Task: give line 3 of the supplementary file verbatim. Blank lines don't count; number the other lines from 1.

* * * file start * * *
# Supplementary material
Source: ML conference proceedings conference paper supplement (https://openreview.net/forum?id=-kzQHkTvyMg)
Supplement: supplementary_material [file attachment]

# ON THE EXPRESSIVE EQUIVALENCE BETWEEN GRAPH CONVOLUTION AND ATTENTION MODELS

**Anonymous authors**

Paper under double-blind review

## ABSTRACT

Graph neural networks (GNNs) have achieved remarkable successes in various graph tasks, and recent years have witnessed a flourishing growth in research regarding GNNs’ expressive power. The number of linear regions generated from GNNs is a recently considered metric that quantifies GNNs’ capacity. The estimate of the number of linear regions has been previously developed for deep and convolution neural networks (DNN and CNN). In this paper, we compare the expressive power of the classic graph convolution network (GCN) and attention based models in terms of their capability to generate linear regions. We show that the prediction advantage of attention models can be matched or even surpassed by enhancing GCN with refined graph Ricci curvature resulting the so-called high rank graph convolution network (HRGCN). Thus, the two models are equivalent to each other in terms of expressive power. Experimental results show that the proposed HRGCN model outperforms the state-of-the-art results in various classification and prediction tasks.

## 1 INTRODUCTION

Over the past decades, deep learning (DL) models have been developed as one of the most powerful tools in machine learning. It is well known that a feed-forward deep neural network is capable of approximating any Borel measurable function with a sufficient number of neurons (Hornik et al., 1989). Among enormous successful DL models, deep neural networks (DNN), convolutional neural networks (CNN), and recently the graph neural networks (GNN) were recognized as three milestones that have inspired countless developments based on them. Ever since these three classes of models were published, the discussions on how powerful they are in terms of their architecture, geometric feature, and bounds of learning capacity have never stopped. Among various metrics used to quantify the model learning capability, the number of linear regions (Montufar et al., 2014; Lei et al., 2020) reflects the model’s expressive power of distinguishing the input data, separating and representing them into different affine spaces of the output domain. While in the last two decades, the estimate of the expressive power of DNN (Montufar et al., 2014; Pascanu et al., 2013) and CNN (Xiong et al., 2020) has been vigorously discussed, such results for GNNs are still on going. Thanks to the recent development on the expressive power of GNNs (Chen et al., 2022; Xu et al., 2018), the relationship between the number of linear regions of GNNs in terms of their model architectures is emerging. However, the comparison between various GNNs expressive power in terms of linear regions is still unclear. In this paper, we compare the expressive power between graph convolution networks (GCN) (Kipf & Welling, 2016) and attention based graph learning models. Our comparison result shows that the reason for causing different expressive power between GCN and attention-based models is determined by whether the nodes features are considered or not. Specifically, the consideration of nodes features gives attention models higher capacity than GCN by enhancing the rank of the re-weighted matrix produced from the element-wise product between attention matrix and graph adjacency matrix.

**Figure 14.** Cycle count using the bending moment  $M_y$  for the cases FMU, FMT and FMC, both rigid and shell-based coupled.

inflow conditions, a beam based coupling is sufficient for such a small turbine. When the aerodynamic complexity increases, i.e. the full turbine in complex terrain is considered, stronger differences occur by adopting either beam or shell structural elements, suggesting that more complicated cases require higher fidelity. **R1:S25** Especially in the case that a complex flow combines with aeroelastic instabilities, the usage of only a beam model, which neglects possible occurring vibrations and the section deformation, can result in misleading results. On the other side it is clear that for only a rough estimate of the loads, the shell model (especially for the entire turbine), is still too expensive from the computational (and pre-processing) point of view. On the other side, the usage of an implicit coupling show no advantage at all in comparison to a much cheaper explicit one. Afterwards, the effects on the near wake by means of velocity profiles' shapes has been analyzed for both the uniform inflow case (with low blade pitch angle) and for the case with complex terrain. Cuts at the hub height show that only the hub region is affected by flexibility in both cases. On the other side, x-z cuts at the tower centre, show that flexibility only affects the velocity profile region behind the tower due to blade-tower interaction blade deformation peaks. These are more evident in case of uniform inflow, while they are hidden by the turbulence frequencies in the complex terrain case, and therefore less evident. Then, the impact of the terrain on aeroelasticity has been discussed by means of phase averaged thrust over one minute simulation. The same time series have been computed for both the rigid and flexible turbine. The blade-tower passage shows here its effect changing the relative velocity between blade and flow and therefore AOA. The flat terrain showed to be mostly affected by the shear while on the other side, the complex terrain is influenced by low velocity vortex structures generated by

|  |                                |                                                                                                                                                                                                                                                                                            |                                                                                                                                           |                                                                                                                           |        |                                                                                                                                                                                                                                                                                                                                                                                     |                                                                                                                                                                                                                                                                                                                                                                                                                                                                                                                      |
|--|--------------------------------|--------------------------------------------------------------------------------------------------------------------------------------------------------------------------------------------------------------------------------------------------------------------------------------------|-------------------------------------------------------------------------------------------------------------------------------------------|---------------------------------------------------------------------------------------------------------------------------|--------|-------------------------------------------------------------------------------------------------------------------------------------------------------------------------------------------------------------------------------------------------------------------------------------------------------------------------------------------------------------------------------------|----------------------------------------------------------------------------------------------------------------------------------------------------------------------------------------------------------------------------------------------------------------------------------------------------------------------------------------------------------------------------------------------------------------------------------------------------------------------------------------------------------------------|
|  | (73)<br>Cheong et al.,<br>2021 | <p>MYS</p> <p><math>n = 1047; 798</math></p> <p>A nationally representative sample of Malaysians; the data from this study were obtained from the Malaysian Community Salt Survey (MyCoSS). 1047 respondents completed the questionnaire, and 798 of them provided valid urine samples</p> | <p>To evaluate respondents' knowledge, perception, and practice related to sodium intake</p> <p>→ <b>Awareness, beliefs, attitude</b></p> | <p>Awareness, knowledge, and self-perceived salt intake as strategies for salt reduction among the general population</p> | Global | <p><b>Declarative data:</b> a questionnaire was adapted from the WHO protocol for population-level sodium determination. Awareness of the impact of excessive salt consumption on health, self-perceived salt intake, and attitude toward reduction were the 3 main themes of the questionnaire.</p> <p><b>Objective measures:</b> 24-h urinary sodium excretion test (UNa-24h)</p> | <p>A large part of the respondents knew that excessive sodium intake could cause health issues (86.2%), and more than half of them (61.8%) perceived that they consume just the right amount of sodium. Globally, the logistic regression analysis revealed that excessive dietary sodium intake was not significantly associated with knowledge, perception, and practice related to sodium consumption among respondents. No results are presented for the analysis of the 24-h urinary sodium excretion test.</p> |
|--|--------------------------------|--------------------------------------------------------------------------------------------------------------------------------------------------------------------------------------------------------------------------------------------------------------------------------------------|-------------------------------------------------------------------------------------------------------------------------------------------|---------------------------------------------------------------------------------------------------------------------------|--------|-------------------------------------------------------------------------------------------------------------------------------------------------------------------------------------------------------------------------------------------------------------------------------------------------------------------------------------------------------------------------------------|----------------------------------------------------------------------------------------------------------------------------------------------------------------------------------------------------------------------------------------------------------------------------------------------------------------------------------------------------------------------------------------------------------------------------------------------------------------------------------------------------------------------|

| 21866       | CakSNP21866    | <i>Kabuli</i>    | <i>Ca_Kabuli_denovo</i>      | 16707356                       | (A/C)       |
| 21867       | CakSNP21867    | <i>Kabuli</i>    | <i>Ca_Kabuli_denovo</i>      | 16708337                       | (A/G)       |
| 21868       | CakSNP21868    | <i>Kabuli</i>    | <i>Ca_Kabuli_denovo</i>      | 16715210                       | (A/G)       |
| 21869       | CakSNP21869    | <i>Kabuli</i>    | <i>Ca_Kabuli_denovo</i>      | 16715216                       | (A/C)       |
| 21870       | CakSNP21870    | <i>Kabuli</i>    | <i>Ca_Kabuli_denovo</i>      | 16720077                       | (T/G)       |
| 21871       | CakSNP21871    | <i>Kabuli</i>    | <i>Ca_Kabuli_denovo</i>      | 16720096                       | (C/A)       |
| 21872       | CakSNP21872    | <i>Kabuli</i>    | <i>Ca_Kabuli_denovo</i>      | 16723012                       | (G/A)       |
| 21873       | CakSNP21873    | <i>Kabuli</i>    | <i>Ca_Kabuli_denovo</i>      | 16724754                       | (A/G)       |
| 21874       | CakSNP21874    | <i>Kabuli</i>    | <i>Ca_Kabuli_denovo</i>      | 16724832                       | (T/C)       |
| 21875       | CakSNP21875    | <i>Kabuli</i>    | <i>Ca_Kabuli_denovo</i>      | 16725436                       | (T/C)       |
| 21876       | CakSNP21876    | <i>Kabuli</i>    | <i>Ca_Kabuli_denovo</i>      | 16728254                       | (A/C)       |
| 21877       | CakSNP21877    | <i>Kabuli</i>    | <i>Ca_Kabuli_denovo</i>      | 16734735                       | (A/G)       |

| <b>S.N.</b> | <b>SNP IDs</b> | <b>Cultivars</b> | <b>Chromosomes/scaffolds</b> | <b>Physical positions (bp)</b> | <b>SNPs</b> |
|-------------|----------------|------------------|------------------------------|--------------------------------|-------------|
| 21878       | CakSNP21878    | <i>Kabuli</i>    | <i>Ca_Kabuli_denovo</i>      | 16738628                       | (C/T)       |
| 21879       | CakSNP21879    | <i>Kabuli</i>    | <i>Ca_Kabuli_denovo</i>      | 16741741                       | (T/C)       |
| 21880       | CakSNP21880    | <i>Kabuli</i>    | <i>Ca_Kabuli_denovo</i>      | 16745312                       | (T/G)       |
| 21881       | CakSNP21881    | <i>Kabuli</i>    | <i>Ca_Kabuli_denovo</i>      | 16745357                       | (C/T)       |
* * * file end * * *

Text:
Supplement: supplementary_material [file attachment]